One reason human beings sometimes devalue or despise people of a different skin color (though skin color is not the only, or even the greatest difference between individual human beings) is because most people do not believe every single human being is created in God’s image and that we are all descendants of one man. Most people believe in some form of biological evolution of the origin of life. Although hatred of the other “tribe” has existed for thousands of years, for the past 150 years evolution has been used to support theories of racial differences and racial superiority. For example, in the early 20th Century an African pygmy was kept in the Bronx Zoo as an example of evolution (https://www.smithsonianmag.com/science-nature/the-tragic-tale-of-the-pygmy-in-the-zoo-2787905/).

This was horrific, and clearly racist, but many historical examples and arguments have used the theory of evolution to argue that some humans are more advanced than others. About 75 million people died in WWII, three percent of the world’s population, because Hitler believed some humans had no value and weren’t fully human. The Armenian, Cambodian and Rwandan genocides, all happening within the past century, were predicated on the idea that some humans have more worth than others. Soviet and Chinese Communism led to the death of at least 60 million people because atheistic communism denies the image of God in each human being, and thus the worth of an individual. These cannot all be necessarily be linked directly to evolutionary theory. Scholars have specifically argued that Hitler did not believe Germanic peoples descended from apes, for example. But any theory of humanity that falls short of what the Scripture teaches, which includes all forms of racism and racist theories, ultimately leads to devaluing human beings. Christians must argue from Scripture the fundamental truths that there is one humanity, descended from one man, and each person is created in God’s image with equal value and worth.
Second, while every person has descended from the first Adam, the Second Adam, Jesus Christ, has made peace between humanity and God, and between individual humans, through His death on the cross. Jesus Christ is our peace. God sent His son to reconcile humanity to Himself and to each other (Ephesians 2). Peace in the human heart, love in the human heart, love of neighbor and love of enemy is only possible in Jesus Christ. He is the only cure for hatred and bigotry because sin produces wrong and wicked thinking that only Christ can heal. Racism and all other sin will only be put to death when we are crucified with Christ and He comes to live in us. Even then, we are subject to acting in sinful ways. Solomon wrote, “The hearts of people are full of evil, and madness is in their hearts while they live” (Eccl. 9:3). But as Christians we have the objective truth of God’s Word, the power of the Gospel, and the indwelling of God Himself, which gives us the ability to resist and overcome sin.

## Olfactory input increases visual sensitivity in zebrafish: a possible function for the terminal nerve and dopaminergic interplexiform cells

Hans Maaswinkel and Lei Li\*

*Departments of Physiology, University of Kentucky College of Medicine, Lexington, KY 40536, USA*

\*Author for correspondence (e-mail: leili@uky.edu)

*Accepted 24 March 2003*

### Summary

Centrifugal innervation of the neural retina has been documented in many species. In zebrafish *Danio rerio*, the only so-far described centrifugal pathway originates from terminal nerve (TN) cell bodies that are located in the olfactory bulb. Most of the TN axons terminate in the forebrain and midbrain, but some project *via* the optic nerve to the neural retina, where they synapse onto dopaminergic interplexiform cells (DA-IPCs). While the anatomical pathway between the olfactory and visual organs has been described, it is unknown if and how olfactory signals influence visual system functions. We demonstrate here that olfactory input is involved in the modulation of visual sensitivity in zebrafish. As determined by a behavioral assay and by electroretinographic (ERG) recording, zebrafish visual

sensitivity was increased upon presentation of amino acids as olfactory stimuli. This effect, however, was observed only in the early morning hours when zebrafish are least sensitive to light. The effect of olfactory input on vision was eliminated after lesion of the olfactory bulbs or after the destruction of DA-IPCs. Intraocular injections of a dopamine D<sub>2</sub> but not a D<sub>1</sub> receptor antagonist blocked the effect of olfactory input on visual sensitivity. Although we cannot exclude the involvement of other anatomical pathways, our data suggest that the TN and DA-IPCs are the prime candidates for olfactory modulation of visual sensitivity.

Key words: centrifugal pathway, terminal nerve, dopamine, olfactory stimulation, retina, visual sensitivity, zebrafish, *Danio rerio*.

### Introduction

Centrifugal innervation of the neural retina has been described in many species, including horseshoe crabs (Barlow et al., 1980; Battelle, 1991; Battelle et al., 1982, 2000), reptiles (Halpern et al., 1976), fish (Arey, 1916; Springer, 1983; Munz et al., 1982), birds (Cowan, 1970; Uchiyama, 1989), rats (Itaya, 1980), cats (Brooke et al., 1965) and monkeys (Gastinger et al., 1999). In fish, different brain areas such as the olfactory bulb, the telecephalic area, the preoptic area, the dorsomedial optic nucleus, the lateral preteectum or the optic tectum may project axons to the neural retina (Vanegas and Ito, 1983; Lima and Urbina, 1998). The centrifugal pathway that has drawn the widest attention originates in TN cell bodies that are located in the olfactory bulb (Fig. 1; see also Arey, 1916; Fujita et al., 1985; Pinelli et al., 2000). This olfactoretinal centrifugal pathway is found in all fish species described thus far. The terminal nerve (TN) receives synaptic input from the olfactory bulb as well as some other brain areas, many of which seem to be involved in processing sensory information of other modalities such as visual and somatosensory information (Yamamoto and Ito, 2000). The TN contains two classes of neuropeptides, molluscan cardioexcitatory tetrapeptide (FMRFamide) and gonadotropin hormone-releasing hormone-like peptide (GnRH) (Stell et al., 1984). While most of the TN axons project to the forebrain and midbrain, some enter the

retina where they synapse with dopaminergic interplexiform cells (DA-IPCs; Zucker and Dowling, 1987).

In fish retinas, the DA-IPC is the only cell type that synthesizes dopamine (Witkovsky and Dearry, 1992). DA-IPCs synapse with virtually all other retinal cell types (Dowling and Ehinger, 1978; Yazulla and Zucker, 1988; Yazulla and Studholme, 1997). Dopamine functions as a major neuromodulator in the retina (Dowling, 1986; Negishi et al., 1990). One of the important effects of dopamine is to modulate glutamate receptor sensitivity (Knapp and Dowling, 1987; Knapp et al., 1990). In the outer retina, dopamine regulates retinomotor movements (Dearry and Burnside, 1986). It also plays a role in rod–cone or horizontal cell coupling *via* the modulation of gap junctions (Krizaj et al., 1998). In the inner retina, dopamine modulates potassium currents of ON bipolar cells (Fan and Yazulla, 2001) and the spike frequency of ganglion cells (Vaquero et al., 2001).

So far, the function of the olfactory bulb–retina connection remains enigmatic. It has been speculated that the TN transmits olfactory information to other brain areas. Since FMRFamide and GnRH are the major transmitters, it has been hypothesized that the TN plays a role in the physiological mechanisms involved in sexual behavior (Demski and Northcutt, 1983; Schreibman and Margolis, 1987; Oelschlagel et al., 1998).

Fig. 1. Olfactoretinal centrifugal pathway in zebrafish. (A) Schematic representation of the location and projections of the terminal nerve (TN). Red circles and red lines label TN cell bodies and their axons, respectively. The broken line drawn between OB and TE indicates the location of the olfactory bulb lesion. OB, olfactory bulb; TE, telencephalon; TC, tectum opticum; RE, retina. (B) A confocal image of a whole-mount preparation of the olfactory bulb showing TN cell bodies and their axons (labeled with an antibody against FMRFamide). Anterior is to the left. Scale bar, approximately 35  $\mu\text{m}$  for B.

I want to briefly add that Christians have sometimes used the Bible to promote racism, slavery, and various forms of bigotry. Whenever and wherever that occurs it is to our shame, embarrassment, and humiliation. The biblical truth I have shared above should guide our exegesis of Scripture whenever we are tempted to think certain Bible texts support any form of bias against others for characteristics intrinsic to them.
So, what should Christians do in the aftermath of the brutal, public killing of George Floyd and all that has happened since? We should advocate that justice be done. We should work for justice, knowing that we are moving toward the Day when God will render judgement and right all wrongs. The biblical perspective on justice is that we can’t achieve it perfectly here, but God can and He will. We should love God and love our neighbor. We should do acts of love for people who look similar to us and different than us. This requires intentionality in crossing barriers of color and economics and education and language, among others. And don’t forget our law enforcement personnel. These men and women come from peoples of every color and are serving under incredible pressure, even as they wrestle with their own deep emotions and pain.

Do we have a vital role to play in the politics of our nation? Yes. We must select leaders who believe in the worth and dignity of every human being, and we must hold them accountable, regardless of whether they’re in our favored political party. Regarding the election of leaders, Christians need to get more involved in local elections and primary elections because that’s where we have the greatest opportunity to choose leaders who adhere to the biblical truth of the worth and dignity of each person, and who lead with the conviction that they will one day stand before God to be judged by Him. Most of the political issues that affect our daily lives concern school boards, city councils, and state government. Do you know your local representatives? Do they know you? That’s where a pastor and church can have the greatest influence on things affecting daily life in our communities. By the time we get to national, general elections we mostly have a choice between two candidates. Often neither provide a satisfying choice, though one will typically represent biblical concerns better than the other. That said, quality candidates are best sorted out earlier in the process.